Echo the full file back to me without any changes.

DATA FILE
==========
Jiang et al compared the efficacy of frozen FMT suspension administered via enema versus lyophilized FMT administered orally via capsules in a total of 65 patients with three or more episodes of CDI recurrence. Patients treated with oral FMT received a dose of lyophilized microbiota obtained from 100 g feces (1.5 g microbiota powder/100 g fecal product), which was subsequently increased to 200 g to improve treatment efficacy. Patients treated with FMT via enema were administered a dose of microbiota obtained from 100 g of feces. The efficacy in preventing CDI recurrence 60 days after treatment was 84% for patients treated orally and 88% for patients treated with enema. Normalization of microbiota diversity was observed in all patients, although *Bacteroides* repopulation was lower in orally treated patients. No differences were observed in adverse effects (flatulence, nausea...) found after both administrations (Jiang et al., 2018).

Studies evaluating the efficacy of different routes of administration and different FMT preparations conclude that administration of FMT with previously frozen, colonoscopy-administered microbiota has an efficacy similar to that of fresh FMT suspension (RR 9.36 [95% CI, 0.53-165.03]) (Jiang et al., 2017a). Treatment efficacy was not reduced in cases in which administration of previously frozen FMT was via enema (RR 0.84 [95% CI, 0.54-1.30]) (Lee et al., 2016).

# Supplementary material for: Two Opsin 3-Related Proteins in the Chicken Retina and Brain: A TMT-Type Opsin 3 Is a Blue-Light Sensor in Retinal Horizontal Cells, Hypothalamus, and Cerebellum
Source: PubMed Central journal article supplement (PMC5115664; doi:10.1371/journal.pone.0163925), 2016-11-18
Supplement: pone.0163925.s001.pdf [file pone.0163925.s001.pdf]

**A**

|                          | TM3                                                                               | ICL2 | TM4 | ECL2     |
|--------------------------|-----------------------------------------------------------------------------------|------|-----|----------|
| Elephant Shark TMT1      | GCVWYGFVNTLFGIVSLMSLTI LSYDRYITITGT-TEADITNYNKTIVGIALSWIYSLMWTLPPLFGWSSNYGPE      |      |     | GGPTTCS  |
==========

Jiang et al compared the efficacy of frozen FMT suspension administered via enema versus lyophilized FMT administered orally via capsules in a total of 65 patients with three or more episodes of CDI recurrence. Patients treated with oral FMT received a dose of lyophilized microbiota obtained from 100 g feces (1.5 g microbiota powder/100 g fecal product), which was subsequently increased to 200 g to improve treatment efficacy. Patients treated with FMT via enema were administered a dose of microbiota obtained from 100 g of feces. The efficacy in preventing CDI recurrence 60 days after treatment was 84% for patients treated orally and 88% for patients treated with enema. Normalization of microbiota diversity was observed in all patients, although *Bacteroides* repopulation was lower in orally treated patients. No differences were observed in adverse effects (flatulence, nausea...) found after both administrations (Jiang et al., 2018).

Studies evaluating the efficacy of different routes of administration and different FMT preparations conclude that administration of FMT with previously frozen, colonoscopy-administered microbiota has an efficacy similar to that of fresh FMT suspension (RR 9.36 [95% CI, 0.53-165.03]) (Jiang et al., 2017a). Treatment efficacy was not reduced in cases in which administration of previously frozen FMT was via enema (RR 0.84 [95% CI, 0.54-1.30]) (Lee et al., 2016).

# Supplementary material for: Two Opsin 3-Related Proteins in the Chicken Retina and Brain: A TMT-Type Opsin 3 Is a Blue-Light Sensor in Retinal Horizontal Cells, Hypothalamus, and Cerebellum
Source: PubMed Central journal article supplement (PMC5115664; doi:10.1371/journal.pone.0163925), 2016-11-18
Supplement: pone.0163925.s001.pdf [file pone.0163925.s001.pdf]

**A**

|                          | TM3                                                                               | ICL2 | TM4 | ECL2     |
|--------------------------|-----------------------------------------------------------------------------------|------|-----|----------|
| Elephant Shark TMT1      | GCVWYGFVNTLFGIVSLMSLTI LSYDRYITITGT-TEADITNYNKTIVGIALSWIYSLMWTLPPLFGWSSNYGPE      |      |     | GGPTTCS  |